Ashwagandha is a popular Ayurvedic herb. Studies show that it has anti-inflammatory effects. Ashwagandha also relaxes the central nervous system in animals. Laboratory studies found that ashwagandha kills some cancer cells and enhances some immune cells possibly by damaging the cancer cells' ability to generate the energy it needs to reproduce. Ashwagandha also reduces the level of an important antioxidant in tumor cells, which may enhance the ability of radiation therapy to kill those cells. While animal and laboratory tests have shown that Ashwagandha slows the growth of cancer cells and enhances the effect of radiation therapy, these effects have not yet been confirmed in humans.
Other purported actions of Ashwagandha include reducing fatigue, inflammation and pain, and stress.
“Ashwagandha is an adaptogen, or substance that helps protect the body against various emotional, physical, and environmental stresses. Ashwagandha is reported to have tonic or adaptogenic effects similar to the panax ginsengs.” ( Www.nhiondemand.com )
A popular Ayurvedic herb, ashwagandha is often used in formulations prescribed for stress, strain, fatigue, pain, skin diseases, diabetes, gastrointestinal disease, rheumatoid arthritis, and epilepsy (1). It is also used as a general tonic, to increase energy and improve health and longevity (2). Externally, it can be applied as a local analgesic (3). The active constituents are thought to include alkaloids, steroidal lactones, saponins, and withanolides.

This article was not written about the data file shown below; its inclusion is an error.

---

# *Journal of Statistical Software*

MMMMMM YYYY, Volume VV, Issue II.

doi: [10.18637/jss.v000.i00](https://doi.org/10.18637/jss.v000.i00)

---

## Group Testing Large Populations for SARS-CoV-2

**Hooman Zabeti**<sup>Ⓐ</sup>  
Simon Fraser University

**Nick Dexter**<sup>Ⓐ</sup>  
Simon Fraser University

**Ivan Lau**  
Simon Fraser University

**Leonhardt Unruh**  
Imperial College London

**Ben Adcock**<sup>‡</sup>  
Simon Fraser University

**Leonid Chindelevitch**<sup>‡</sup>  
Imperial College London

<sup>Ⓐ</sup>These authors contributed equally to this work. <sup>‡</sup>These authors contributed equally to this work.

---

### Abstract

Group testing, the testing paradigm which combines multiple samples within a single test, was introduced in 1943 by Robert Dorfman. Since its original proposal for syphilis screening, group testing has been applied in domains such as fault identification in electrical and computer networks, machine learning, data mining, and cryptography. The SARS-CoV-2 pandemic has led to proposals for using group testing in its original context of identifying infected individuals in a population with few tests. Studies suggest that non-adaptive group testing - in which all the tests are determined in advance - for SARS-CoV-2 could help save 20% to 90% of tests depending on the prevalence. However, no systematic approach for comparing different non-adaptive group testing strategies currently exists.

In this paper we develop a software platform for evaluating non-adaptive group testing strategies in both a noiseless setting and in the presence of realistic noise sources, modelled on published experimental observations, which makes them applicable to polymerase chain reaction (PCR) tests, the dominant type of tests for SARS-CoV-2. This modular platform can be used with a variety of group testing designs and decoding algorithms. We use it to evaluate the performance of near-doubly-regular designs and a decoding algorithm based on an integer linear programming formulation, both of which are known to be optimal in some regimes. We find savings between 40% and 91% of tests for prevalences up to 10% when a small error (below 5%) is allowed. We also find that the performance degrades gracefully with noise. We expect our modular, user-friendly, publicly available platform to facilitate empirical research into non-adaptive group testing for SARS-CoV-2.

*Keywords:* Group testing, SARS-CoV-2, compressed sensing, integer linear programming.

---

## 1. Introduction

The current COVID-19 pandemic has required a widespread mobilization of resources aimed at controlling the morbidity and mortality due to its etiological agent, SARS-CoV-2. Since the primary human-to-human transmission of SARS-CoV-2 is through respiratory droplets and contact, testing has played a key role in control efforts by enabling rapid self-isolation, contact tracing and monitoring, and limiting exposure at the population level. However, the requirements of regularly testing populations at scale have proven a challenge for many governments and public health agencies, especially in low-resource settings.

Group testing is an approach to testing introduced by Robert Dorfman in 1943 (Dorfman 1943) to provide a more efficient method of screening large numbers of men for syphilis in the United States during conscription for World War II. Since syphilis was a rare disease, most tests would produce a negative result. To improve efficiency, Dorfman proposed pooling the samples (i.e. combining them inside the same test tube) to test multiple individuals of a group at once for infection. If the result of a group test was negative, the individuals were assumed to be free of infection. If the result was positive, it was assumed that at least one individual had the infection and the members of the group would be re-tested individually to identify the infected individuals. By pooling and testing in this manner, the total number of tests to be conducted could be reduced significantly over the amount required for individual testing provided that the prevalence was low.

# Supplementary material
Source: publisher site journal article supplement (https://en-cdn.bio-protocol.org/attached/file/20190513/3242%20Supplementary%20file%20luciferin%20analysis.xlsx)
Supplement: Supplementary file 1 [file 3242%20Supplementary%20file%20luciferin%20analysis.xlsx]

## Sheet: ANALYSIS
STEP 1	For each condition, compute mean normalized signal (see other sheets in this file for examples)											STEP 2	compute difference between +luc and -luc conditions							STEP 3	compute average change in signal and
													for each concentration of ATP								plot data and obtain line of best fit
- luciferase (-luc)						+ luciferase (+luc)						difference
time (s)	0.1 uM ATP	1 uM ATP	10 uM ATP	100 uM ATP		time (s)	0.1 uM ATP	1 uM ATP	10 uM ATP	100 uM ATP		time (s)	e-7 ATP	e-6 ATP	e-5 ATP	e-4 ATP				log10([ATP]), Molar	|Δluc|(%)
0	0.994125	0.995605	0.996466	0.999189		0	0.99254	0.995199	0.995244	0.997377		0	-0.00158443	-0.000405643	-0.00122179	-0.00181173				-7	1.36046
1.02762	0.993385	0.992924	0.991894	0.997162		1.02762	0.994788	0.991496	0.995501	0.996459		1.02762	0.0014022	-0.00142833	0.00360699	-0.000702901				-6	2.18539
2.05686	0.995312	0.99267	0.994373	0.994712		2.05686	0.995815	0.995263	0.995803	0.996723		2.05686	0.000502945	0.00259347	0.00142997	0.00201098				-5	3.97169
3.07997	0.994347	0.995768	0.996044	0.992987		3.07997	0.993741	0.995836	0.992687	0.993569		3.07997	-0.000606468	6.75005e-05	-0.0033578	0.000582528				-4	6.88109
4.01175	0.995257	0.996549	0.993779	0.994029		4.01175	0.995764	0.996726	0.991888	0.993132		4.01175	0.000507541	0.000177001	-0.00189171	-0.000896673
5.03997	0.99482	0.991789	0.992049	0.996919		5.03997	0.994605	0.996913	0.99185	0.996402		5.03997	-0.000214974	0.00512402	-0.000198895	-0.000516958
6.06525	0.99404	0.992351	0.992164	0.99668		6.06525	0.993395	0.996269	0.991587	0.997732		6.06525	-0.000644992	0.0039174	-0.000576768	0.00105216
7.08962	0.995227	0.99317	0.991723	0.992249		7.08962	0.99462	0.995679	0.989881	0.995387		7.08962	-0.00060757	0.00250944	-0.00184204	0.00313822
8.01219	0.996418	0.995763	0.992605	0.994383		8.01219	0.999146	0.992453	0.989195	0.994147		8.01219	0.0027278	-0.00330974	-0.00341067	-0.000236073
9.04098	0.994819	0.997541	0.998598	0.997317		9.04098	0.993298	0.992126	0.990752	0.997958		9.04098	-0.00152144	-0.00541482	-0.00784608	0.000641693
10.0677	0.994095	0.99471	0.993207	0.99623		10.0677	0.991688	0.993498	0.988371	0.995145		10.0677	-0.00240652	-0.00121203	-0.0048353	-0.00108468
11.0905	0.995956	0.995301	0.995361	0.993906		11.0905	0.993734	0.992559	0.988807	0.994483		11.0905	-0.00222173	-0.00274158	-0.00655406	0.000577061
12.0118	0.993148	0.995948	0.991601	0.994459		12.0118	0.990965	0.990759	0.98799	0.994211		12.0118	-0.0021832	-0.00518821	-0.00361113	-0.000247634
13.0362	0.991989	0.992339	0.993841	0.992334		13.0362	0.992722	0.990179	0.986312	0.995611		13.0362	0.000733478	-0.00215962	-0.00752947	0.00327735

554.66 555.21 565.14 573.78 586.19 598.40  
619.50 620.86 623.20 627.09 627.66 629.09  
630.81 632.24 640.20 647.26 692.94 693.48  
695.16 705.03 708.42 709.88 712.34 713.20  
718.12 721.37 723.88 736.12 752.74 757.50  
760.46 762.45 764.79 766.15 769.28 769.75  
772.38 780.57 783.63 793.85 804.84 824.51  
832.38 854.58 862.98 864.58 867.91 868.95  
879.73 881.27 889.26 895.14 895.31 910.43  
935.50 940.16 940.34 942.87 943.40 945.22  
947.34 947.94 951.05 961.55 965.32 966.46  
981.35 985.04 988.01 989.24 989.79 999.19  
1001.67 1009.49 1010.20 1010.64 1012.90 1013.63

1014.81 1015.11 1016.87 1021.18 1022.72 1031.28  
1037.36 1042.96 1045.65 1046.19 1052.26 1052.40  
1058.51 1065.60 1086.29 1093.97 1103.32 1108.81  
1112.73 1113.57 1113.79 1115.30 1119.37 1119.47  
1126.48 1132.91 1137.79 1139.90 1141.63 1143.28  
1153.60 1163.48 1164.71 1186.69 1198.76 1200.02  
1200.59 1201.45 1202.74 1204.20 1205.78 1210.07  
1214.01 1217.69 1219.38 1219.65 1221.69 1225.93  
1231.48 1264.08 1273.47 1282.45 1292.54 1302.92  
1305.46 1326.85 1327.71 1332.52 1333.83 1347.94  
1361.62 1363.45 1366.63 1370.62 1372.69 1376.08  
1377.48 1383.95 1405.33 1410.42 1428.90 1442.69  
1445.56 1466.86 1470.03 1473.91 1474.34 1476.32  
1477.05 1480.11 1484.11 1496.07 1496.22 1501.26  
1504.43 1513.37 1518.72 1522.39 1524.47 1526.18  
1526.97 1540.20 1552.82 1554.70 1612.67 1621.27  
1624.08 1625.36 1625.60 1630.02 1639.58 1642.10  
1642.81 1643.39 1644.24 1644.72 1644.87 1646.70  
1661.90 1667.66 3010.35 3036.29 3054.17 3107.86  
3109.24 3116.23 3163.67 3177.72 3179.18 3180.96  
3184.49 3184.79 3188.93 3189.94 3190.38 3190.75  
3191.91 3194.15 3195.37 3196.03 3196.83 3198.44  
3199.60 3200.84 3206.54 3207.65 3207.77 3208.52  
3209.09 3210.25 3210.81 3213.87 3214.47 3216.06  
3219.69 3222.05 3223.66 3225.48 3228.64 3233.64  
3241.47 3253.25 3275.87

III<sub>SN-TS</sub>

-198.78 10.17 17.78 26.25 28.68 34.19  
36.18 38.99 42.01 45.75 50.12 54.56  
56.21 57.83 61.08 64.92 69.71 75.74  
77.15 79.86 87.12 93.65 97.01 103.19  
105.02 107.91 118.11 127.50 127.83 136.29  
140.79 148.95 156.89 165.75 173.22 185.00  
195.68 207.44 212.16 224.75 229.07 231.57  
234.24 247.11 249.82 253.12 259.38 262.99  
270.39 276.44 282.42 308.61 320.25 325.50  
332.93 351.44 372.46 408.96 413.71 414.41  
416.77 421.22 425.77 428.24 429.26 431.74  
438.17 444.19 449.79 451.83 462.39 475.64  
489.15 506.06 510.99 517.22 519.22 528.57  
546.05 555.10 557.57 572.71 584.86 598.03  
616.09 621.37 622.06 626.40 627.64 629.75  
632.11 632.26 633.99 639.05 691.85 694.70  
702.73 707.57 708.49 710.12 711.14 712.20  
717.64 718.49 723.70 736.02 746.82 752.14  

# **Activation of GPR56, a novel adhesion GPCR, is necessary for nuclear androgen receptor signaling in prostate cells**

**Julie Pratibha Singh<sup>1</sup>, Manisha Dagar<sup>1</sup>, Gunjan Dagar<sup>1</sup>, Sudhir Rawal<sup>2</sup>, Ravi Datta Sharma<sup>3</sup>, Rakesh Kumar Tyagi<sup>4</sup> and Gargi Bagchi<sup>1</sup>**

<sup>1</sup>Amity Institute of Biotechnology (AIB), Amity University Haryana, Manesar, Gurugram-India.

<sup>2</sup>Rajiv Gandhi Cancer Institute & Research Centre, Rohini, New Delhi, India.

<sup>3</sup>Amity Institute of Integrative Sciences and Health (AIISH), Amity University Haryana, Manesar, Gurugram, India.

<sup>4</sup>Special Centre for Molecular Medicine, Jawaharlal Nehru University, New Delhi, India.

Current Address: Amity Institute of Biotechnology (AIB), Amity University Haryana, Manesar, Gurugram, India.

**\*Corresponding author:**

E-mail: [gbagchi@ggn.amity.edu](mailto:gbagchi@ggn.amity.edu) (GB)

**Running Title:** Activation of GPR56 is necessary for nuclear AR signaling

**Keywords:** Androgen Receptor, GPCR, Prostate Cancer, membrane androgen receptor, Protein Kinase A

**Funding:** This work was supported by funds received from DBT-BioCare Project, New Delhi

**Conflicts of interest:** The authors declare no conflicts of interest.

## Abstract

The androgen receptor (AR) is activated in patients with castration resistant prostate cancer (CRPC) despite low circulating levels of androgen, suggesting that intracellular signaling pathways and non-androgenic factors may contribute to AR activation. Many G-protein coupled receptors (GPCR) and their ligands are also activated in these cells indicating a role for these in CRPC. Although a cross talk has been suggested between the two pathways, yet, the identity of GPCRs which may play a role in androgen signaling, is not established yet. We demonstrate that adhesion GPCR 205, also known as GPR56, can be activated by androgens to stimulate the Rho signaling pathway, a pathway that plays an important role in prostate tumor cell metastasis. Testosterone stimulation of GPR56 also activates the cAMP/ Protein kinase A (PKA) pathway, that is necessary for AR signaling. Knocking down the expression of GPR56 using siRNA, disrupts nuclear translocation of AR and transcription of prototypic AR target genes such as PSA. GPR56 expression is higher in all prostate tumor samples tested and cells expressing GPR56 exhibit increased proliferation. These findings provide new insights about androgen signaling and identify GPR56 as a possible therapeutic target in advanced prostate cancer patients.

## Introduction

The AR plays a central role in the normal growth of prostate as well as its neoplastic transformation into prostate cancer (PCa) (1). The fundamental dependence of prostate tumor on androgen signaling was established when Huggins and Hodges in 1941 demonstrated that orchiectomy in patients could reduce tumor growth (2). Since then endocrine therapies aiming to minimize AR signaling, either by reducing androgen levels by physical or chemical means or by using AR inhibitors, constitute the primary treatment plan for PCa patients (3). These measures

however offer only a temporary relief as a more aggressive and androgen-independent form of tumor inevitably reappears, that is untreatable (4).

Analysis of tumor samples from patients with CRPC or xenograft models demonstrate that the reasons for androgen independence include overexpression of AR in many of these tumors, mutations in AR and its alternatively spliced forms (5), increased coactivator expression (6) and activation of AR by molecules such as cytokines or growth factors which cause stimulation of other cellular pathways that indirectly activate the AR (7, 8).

In vitro studies suggest that ashwagandha has neuroprotective (26) and anti-inflammatory properties which may protect against cartilage damage in osteoarthritis (4). Animal studies suggest antitumor, immunomodulatory, antioxidant, and anti-stress properties. In addition, improvements in hyperglycemia, hyperinsulinemia, and insulin sensitivity have been detected in an animal model of type 2 diabetes (5). Other studies indicate cytotoxic, chemopreventative, immunomodulating (8), and radiosensitizing effects (1) (9) (10) and enhancement in chromosomal stability (11).
Ashwagandha is rich in iron (2); small scale human studies suggest that it may promote growth in children and improve hemoglobin level, red blood cell count, sexual performance in adults (2), and may also be useful in treating male infertility (27). An herbal tea containing ashwagandha was shown to increase natural killer cell activity in healthy volunteers with recurrent coughs and colds (22). Data also indicate that ashwagandha may be useful in the treatment of anxiety (23). In another clinical trial, an herbomineral formula containing ashwagandha was shown to benefit osteoarthritis (13). Preliminary data suggest benefits of ashwagandha in improving balance in patients with progressive degenerative cereberral ataxias (24).